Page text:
The mag I published most prolifically in–literally hundreds of poems–was the aforementioned Wormwood Review, and I think it was the best poetry mag of its long epoch. Poetry LA was another one, quite different, edited by the elegant and tasteful and kind Helen Friedland. Others are Slipstream, Pearl, Tears in the Fence, Ambit, Nerve Cowboy, New York Quarterly, Quercus Review, Minotaur, Beggars and Cheeseburgers, Cafe Solo, Presa, . . . in my early years I published in a lot of university quarterlies such as Prairie Schooner, Beloit Poetry Review, Western Humanities Review, New Orleans Review, The Literary Review, etc. And since 1988 I’ve been poetry editor of Michael Hathaway’s Chiron Review. My son, Zachary, has joined me as co-poetry editor now, and John Brantingham and Ray Zepeda continue as fiction editors.
Your 1995 book Charles Bukowski A Sure Bet shares some key moments regarding your friendship with him. What were the circumstances that brought you two together and what one event of that relationship in the book or not stands out 15 years after the book was written?
The first essay in that book is “Meeting Charles Bukowski,” which goes into that first meeting in detail, much of it amusing, I’d say. Basically, I was asked to get in touch with him and ask him to read in Huntington Beach, and that fell through because they wanted him for free, and my summer department chair here at LB State came up with fifty bucks, which was more in 1970 than today. I borrowed a car, picked him up, watched him consume a strange hangover breakfast of soft-boiled eggs, took him to the 49er tavern for schooners of beer which he chucked up, along with the soft-boiled eggs, in the parking lot. He wasn’t famous yet, but the noontime reading in a lecture hall was reasonably well attended. Afterwards, we repaired back to the 49er. Eventually I drove him back to his place on De Longpre, where we drank more and b.s.ed until he said, “Here we are, back to the old literary chit-chat,” which I decided was a good time to leave. The friendship took off from that afternoon. He later read other times on campus for much greater fees in much more inebriated states.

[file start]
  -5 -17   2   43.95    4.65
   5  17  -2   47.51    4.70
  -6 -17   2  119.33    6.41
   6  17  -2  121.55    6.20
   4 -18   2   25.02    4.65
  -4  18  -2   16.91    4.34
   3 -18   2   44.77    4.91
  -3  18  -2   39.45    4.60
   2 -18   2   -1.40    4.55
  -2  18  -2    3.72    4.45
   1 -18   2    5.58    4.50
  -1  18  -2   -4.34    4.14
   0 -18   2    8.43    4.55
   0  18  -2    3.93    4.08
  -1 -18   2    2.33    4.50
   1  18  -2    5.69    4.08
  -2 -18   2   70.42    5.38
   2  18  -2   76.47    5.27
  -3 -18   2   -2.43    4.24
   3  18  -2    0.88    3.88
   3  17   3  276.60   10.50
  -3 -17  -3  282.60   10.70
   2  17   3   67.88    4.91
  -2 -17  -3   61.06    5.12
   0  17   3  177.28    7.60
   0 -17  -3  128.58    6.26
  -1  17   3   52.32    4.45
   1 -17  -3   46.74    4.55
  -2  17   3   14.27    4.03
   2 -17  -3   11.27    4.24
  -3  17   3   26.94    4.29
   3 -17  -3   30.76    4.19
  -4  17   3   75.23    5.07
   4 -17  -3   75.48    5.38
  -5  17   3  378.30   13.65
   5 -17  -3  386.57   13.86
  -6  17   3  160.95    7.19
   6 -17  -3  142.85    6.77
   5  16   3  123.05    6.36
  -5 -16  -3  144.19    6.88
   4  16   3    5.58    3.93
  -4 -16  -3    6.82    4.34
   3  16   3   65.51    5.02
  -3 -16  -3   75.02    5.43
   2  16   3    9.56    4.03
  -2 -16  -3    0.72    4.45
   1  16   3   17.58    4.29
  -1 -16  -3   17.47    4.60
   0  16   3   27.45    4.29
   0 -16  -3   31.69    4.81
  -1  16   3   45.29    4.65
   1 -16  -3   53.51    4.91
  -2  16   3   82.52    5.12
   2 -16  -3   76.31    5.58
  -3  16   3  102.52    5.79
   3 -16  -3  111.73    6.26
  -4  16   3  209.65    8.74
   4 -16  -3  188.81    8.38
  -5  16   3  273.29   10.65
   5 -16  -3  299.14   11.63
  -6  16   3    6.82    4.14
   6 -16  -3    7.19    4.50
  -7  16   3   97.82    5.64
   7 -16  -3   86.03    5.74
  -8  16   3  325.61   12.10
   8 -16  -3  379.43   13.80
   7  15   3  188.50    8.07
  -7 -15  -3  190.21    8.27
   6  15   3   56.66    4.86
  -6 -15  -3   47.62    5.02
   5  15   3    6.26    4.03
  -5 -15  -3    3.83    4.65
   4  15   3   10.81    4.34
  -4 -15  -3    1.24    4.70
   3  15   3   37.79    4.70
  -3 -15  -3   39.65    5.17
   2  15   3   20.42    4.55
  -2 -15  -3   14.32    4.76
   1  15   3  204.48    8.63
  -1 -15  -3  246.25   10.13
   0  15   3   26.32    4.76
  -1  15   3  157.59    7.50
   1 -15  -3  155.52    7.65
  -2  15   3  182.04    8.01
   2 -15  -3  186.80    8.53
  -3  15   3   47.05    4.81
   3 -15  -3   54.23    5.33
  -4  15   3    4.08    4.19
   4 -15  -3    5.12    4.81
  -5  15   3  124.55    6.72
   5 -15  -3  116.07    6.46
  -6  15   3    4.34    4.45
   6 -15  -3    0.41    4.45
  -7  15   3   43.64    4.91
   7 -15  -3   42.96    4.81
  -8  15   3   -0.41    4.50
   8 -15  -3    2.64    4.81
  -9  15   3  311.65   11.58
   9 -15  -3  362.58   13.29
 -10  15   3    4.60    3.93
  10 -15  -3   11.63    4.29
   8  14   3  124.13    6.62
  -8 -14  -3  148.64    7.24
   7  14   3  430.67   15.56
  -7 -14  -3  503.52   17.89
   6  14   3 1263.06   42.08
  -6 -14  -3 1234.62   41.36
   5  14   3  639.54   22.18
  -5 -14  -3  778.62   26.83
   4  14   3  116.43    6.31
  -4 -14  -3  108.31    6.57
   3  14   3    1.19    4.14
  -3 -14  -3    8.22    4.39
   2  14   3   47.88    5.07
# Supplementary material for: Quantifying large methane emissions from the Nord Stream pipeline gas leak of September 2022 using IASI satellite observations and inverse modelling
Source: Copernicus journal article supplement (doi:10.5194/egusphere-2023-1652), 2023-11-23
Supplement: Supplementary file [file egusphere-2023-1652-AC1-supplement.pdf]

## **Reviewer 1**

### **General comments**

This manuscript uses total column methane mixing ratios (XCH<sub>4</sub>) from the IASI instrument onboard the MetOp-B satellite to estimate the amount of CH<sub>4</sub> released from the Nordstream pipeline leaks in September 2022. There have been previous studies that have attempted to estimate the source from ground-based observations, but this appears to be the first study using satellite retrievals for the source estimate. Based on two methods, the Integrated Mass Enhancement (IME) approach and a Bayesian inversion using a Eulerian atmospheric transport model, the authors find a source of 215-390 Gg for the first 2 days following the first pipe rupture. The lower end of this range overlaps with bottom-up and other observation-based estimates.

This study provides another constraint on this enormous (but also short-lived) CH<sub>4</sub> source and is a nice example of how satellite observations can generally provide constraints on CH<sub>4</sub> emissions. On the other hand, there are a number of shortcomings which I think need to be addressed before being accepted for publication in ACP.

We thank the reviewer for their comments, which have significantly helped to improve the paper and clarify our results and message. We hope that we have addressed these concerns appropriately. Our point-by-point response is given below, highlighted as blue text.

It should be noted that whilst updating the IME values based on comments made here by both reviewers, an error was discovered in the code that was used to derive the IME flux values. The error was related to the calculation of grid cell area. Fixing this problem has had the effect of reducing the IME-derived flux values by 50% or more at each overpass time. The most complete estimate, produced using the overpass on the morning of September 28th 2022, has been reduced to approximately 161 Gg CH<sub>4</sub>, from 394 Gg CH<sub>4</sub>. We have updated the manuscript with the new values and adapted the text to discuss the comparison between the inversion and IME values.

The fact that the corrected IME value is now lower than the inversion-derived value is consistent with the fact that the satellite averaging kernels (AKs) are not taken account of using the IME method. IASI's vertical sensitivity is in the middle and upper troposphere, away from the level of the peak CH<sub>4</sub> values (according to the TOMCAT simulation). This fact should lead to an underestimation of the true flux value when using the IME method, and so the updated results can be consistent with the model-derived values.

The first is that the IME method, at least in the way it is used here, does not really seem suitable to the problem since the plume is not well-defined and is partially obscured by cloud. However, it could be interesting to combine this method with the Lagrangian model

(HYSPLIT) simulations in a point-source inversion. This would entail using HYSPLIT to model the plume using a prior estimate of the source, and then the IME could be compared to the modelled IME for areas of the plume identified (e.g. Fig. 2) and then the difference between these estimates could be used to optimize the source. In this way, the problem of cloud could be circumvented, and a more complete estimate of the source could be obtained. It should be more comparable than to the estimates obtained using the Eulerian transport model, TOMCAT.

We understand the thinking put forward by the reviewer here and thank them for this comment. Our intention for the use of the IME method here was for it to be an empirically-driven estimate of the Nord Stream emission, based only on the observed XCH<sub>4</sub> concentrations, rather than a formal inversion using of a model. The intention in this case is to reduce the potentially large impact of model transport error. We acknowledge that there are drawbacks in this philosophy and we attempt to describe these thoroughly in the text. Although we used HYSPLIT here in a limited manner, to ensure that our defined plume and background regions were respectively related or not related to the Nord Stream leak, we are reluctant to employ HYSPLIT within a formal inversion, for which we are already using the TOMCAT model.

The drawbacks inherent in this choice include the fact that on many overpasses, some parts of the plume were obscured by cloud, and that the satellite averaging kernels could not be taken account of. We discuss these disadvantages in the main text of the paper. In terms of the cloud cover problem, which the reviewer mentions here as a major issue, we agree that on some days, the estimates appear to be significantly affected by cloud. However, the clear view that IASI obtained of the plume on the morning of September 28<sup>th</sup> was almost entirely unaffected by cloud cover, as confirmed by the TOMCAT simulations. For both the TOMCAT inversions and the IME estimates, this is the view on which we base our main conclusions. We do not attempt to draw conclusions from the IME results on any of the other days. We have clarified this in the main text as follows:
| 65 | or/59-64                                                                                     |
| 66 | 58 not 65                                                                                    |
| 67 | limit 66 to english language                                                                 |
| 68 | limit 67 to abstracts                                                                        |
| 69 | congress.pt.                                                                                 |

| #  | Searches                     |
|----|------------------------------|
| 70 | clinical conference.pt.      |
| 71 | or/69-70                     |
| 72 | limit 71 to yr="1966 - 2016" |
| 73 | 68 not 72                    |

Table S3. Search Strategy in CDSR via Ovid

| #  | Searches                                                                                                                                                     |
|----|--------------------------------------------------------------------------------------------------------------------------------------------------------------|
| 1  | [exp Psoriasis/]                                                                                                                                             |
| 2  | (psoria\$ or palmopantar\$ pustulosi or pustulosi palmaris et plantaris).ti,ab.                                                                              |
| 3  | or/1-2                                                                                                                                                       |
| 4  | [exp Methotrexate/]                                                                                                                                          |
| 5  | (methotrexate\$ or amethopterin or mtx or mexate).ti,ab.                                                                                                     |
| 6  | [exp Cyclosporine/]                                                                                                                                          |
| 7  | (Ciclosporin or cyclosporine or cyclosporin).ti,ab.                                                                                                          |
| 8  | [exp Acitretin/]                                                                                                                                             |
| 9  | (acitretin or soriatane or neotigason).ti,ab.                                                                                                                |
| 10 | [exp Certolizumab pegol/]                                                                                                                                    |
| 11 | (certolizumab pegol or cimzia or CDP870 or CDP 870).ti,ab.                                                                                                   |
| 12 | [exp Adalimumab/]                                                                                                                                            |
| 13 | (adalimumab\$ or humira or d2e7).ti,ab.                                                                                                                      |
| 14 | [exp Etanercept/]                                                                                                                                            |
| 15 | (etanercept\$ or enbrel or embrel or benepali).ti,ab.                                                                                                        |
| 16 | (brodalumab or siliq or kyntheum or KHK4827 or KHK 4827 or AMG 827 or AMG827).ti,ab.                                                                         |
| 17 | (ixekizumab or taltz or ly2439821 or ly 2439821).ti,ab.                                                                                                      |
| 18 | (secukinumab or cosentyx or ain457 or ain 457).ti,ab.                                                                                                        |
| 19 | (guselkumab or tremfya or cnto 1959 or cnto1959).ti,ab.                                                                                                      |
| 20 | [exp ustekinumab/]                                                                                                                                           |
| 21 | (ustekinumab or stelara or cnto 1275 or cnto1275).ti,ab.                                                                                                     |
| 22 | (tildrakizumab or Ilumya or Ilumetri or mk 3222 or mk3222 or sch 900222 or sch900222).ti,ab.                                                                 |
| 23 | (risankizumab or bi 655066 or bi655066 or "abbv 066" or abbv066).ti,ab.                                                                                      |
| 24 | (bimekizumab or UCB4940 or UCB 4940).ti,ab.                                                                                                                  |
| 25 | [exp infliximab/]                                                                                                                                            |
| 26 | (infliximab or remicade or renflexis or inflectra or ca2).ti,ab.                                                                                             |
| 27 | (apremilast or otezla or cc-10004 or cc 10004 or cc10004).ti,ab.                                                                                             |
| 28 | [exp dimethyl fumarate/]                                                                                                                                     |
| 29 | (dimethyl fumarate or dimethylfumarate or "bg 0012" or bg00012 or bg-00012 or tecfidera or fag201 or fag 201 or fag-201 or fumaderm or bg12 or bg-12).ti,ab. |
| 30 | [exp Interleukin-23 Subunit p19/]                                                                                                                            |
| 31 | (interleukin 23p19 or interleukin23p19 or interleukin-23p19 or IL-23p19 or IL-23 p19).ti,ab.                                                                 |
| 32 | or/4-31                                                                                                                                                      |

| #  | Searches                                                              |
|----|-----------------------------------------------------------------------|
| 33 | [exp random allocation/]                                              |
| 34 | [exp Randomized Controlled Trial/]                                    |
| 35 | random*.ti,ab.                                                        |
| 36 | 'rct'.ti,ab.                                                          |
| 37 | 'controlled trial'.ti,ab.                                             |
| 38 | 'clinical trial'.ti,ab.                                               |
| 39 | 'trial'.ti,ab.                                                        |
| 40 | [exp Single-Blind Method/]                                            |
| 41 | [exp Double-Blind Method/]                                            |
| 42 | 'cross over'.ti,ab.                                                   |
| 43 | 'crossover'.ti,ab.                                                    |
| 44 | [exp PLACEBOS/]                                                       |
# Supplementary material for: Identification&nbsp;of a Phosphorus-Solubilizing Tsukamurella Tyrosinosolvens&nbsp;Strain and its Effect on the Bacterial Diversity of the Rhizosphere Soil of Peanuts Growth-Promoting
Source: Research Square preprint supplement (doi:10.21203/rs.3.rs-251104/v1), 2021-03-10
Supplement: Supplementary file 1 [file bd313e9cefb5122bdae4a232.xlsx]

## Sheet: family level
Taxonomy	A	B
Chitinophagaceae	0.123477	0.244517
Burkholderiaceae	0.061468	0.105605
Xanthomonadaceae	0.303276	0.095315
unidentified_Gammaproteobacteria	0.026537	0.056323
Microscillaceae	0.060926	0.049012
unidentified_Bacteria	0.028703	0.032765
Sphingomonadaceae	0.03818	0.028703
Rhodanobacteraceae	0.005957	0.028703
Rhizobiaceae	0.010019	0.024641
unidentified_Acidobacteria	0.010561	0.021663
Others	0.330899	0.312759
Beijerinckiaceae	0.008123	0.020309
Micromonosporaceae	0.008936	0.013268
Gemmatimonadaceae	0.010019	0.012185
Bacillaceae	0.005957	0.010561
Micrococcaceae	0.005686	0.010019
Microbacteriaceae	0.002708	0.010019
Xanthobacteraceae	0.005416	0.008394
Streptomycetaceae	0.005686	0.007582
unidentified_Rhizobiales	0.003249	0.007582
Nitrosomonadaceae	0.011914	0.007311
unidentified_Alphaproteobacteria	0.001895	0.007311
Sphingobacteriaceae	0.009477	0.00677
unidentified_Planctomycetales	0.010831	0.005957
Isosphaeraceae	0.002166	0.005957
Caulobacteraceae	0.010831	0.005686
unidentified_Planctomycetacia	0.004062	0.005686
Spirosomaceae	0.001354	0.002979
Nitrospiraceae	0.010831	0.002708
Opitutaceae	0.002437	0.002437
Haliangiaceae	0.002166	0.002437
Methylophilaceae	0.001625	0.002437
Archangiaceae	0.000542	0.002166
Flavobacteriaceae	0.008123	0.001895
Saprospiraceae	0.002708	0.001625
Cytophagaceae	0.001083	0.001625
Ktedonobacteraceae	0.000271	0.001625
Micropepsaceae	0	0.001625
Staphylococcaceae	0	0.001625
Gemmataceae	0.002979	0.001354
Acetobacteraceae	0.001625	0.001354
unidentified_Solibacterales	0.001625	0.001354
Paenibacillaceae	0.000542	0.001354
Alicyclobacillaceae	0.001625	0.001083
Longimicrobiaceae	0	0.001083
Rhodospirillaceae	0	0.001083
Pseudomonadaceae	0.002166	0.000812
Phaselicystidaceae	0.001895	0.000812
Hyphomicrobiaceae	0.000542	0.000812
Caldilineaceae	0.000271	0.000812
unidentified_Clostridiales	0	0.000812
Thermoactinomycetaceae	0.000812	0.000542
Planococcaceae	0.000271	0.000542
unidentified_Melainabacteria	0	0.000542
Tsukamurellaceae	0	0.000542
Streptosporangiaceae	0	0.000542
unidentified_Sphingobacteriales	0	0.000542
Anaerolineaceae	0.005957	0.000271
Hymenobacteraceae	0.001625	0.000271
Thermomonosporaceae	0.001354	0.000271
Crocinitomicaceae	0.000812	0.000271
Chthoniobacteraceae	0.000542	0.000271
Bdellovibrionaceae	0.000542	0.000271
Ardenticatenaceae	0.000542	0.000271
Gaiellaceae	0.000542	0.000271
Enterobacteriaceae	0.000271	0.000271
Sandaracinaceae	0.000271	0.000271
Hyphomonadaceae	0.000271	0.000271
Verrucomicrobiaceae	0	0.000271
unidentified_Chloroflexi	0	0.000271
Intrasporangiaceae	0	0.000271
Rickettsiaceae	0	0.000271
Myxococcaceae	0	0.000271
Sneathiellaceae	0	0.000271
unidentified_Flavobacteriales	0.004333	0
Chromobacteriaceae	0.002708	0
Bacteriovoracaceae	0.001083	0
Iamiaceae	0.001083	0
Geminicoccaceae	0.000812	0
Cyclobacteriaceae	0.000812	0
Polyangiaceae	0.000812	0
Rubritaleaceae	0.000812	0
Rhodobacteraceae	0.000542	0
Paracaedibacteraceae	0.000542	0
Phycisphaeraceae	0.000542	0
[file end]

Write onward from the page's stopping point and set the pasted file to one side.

When he later turned down blank-check offers to read that club bookers asked me to forward to him, I knew he genuinely hated to read and would no longer do so at any price. Not just trying to drive up the fees by playing hard to get. He had his own sense of dignity, and his audiences did their best to reduce him to the role of the fool. They didn’t succeed, but he regretted having lowered himself at all, and he regretted that readings drove him to even greater consumption of alcohol than was otherwise the case.
Audiences paid their money to see him act out, and after he gave them what they’d come for, they walked out complaining that they’d blown five bucks to hear a guy read who couldn’t even see the page, when that was exactly what they had paid to see.
It wasn’t pretty, but they were the fools, not Bukowski.
I am a small press publisher that strives for diversity but academic vs underground poetry keeps popping up—some poets make a distinction between the two, some make a ruckus. How do you see this…?
I’ve always had a foot in each camp, one of the few who have. But there’s much less of a divide these days. Mags like Chiron Review and NYQ and Pearl are open to the best writing of all styles and lifestyles. In, say, 1960, though, the schism was quite real, with anthologies like Donald Allen’s The New American Poetry, and Donald Hall’s New Poets of England and America agreeing on only one poet. Anyone who thinks schools of poetry are worth fighting over must have a lot more time on his or her hands than I do. I save my fanaticism for the Lakers and the Yankees.
What stands out as a memorable moment in your teaching career?
Too many to mention. I took my teaching as seriously as my writing and I still do. I’m still teaching for minimal compensation because I love the classroom and the students and the campus and the subject matter so. I was born with very limited talents: I can’t draw a straight line or change a lightbulb, but I can read and write and teach. I was born to write and born to teach, and I’m an awful ham, so I was very lucky to back into making a living by teaching literature and writing. I still can’t believe I was paid to do what I most loved to do. I guess Lou Gehrig was the luckiest man alive, but I was right up there. I taught my first class of the semester this afternoon, closed with a little Lady Gaga routine, had a ball. I’m not doing it for the money, though I don’t give back any of the paychecks. I do endow one of the department’s creative writing prizes in the spring. We have amazingly talented students and a first-rate faculty, my colleague Charles Harper Webb, for instance. I’ll be 70 next spring.
I see you have 125 or more books published and do not seem to be slowing down. Many are chapbooks and many are full length. Do you favor one type over the other? Does one title stand out for whatever reason? They say you never forget your first.